Regarding funding, CHINA called for “perfecting” the funding solutions developed during the resumed OEWG 37 session and implementing them in the MLF.
SENEGAL urged finding a common ground, suggesting a compilation text containing all the amendment proposals as a way forward. AUSTRALIA endorsed having the co-chairs summarize the positions voiced this week in some sort of paper to help negotiators determine areas of convergence.
COLOMBIA proposed creating a working group to review the baseline, freeze and reduction positions and develop concrete solutions. SAUDI ARABIA and the US supported continuing discussions in a working group as long as it is in an informal setting. The US reminded participants that OEWG 37 had agreed on outputs on the challenges, which should be considered moving forward, and supported efforts to “crystalize” views on baselines, freeze dates and reduction schedules.
FSM supported discussion in any group that had to report back to the contact group.
The EU, CANADA, SAUDI ARABIA, AUSTRALIA, and SOUTH AFRICA supported the group. BURKINA FASO also supported addressing elements collectively, reflecting that informal groups can be a format for making headway. The EU and SAUDI ARABIA supported addressing baselines, freeze year and reduction steps as part of a package, with the EU noting that time is passing.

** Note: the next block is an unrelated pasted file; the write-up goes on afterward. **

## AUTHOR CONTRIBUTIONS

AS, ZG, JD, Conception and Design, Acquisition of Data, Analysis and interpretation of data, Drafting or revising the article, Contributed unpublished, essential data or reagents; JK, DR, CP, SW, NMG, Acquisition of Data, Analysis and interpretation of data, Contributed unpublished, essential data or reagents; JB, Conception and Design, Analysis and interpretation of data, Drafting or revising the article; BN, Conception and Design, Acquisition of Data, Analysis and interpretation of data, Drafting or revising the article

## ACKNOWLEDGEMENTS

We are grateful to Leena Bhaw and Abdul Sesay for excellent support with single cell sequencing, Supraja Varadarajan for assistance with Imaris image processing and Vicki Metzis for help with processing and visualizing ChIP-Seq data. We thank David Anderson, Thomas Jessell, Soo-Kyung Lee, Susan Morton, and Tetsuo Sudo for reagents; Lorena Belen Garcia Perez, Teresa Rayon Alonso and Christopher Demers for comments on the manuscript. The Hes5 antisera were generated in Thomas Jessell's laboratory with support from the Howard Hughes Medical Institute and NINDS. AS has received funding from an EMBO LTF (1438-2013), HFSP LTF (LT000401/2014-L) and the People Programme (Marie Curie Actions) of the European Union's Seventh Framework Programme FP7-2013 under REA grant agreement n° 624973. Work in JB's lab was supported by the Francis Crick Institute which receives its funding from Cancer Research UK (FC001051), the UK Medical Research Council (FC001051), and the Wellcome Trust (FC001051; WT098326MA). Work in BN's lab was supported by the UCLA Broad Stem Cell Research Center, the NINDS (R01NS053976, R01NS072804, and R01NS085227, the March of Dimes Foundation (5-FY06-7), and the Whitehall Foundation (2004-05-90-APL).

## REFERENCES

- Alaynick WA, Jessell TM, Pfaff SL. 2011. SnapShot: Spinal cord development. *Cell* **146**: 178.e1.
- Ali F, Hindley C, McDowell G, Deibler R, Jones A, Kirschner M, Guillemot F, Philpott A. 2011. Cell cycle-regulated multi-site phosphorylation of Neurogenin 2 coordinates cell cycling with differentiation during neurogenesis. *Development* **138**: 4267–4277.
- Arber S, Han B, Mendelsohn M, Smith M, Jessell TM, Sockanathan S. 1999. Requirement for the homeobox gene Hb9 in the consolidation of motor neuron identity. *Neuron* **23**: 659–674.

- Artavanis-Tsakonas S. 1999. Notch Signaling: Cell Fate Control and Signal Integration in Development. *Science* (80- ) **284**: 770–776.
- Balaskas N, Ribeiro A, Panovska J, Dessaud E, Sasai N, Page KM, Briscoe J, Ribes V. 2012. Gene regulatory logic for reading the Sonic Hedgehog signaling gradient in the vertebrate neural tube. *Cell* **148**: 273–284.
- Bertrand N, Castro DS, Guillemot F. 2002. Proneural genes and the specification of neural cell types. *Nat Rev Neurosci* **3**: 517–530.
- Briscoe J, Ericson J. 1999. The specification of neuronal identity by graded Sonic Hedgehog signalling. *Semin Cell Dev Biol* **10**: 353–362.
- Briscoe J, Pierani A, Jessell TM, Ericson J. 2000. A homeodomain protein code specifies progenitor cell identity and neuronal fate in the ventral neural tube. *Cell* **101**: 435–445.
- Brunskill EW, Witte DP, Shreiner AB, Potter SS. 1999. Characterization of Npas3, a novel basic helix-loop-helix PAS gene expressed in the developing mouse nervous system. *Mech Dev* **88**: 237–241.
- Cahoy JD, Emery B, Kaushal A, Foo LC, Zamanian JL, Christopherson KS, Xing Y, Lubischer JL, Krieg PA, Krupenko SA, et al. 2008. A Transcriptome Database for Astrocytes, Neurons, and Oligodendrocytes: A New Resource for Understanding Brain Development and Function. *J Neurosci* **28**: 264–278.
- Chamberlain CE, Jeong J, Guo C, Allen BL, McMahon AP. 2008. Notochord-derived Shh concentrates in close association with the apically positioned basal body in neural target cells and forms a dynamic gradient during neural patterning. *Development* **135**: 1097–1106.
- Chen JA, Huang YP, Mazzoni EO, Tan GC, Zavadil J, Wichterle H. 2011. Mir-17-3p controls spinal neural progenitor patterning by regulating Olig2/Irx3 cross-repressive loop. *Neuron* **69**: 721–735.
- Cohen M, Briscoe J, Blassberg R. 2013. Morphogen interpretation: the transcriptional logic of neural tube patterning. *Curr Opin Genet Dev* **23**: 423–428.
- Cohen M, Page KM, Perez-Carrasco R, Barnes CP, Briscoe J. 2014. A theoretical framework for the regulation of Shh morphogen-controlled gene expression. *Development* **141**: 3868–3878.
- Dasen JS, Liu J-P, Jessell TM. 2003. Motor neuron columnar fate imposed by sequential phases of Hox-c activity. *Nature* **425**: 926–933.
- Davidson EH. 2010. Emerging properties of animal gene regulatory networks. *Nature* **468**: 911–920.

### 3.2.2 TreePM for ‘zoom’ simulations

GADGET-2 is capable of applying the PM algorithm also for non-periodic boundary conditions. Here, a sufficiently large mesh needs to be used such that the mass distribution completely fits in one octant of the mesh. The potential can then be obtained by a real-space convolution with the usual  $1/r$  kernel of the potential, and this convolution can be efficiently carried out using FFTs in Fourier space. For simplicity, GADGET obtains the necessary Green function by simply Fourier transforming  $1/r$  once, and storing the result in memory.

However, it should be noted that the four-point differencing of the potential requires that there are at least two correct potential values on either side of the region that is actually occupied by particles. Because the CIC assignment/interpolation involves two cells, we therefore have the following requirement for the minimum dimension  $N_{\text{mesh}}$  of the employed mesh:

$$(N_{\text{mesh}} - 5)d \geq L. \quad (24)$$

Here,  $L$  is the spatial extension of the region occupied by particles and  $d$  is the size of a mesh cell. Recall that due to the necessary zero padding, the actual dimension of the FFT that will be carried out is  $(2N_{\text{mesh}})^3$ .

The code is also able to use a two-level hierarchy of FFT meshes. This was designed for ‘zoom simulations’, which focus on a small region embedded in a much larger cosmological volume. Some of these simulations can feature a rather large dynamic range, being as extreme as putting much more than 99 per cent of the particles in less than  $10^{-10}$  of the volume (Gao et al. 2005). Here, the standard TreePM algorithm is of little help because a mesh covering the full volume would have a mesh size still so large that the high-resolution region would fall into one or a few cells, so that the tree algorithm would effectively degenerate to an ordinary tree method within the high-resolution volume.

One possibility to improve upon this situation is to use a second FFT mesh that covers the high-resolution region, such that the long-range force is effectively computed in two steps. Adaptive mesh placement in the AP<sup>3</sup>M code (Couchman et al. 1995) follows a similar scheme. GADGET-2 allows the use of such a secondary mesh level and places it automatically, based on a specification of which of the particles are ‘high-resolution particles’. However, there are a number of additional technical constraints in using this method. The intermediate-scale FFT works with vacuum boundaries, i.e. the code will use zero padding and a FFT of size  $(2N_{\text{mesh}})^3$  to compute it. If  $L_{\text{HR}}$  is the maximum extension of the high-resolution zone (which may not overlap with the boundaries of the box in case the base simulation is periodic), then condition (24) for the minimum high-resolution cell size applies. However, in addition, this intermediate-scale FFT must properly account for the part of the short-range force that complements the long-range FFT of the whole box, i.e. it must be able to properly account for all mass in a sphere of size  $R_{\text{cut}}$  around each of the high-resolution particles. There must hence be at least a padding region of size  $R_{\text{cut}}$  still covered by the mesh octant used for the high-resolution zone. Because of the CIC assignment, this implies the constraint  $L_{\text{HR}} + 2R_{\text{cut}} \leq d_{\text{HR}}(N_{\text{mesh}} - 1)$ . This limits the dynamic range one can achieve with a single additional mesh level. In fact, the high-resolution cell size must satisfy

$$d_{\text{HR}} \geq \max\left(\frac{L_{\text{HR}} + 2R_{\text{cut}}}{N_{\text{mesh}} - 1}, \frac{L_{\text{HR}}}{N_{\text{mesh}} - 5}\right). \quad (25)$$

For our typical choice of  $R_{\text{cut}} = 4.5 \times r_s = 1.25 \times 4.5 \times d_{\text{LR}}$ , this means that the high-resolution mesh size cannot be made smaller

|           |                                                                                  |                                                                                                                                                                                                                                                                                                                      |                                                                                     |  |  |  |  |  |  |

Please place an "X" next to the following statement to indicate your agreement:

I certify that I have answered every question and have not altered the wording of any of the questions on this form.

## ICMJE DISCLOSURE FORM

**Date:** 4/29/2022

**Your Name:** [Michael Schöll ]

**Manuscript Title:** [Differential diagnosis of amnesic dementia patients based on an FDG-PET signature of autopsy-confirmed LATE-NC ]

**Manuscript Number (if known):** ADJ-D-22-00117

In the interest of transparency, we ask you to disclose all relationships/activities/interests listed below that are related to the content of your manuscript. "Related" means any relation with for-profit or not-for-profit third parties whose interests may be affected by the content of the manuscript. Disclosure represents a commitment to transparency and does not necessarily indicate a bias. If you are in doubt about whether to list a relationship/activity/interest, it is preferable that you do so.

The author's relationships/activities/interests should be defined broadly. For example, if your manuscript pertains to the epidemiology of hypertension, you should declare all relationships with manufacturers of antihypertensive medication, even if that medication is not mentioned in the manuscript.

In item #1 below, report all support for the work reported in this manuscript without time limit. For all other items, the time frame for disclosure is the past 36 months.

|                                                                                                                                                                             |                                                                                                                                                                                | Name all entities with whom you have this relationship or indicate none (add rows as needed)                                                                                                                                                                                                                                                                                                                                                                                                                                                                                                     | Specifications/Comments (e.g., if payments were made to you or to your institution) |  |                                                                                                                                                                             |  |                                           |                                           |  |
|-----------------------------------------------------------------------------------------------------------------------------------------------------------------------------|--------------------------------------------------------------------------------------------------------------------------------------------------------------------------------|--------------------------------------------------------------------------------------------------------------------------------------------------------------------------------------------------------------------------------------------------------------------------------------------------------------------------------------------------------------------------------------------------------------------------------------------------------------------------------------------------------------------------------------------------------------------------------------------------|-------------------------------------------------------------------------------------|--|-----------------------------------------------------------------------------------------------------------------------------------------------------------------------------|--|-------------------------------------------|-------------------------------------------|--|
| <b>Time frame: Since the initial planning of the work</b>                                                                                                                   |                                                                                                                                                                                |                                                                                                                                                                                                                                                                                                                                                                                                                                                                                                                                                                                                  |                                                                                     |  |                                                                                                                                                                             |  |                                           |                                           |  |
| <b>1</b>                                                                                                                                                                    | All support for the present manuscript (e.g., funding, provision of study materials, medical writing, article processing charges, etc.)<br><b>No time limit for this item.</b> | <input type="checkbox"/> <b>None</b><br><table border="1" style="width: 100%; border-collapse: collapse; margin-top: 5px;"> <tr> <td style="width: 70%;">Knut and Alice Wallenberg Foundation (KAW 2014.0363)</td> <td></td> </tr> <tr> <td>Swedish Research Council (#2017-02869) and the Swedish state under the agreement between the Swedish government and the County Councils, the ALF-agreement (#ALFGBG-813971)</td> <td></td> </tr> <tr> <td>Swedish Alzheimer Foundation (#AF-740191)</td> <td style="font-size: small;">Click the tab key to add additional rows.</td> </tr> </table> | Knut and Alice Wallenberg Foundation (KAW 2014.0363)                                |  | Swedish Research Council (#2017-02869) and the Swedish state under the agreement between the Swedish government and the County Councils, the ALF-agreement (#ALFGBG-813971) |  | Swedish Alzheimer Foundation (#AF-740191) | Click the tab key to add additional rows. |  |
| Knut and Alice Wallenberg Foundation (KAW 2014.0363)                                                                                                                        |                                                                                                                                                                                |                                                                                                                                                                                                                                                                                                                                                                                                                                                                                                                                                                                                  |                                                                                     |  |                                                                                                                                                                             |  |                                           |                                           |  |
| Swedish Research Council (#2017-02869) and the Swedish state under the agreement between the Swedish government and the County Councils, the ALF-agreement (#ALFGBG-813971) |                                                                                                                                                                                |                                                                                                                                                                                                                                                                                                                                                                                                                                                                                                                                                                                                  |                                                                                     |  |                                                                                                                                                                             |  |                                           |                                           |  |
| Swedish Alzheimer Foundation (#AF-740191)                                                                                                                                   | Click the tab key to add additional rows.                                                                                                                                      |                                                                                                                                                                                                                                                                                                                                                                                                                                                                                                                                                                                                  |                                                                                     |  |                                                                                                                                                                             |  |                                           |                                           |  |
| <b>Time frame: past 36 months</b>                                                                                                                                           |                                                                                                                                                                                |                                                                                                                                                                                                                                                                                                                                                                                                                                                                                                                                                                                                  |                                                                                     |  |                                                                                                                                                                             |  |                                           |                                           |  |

BELARUS emphasized that the contact group’s terms of reference requires discussing two issues not yet addressed: flexibility in implementation; and maintenance of the MLF. He said that these should be discussed in the contact group before an informal group is established or an additional informal group on those two issues should be established. CHINA, KUWAIT, PAKISTAN, and others agreed such a group could discuss a range of issues.
INDIA said all discussions on these issues must be conducted in the contact group. PAKISTAN supported India but expressed flexibility, and, supporting Belarus, observed many issues still need to be resolved.
Contact Group Co-Chair Xia noted general support for an informal “setting,” rather than group, to discuss baselines, freeze and reduction and schedules. INDIA said it could agree to this arrangement if the “setting” would also discuss related issues that remain unresolved following the OEWG 37’s work on generating solutions, such as technology transfer and intellectual property rights. Contact Group Co-Chair Xia said an informal “setting” would convene at a time to be set by the OEWG plenary and co-facilitated by the contact group co-chairs.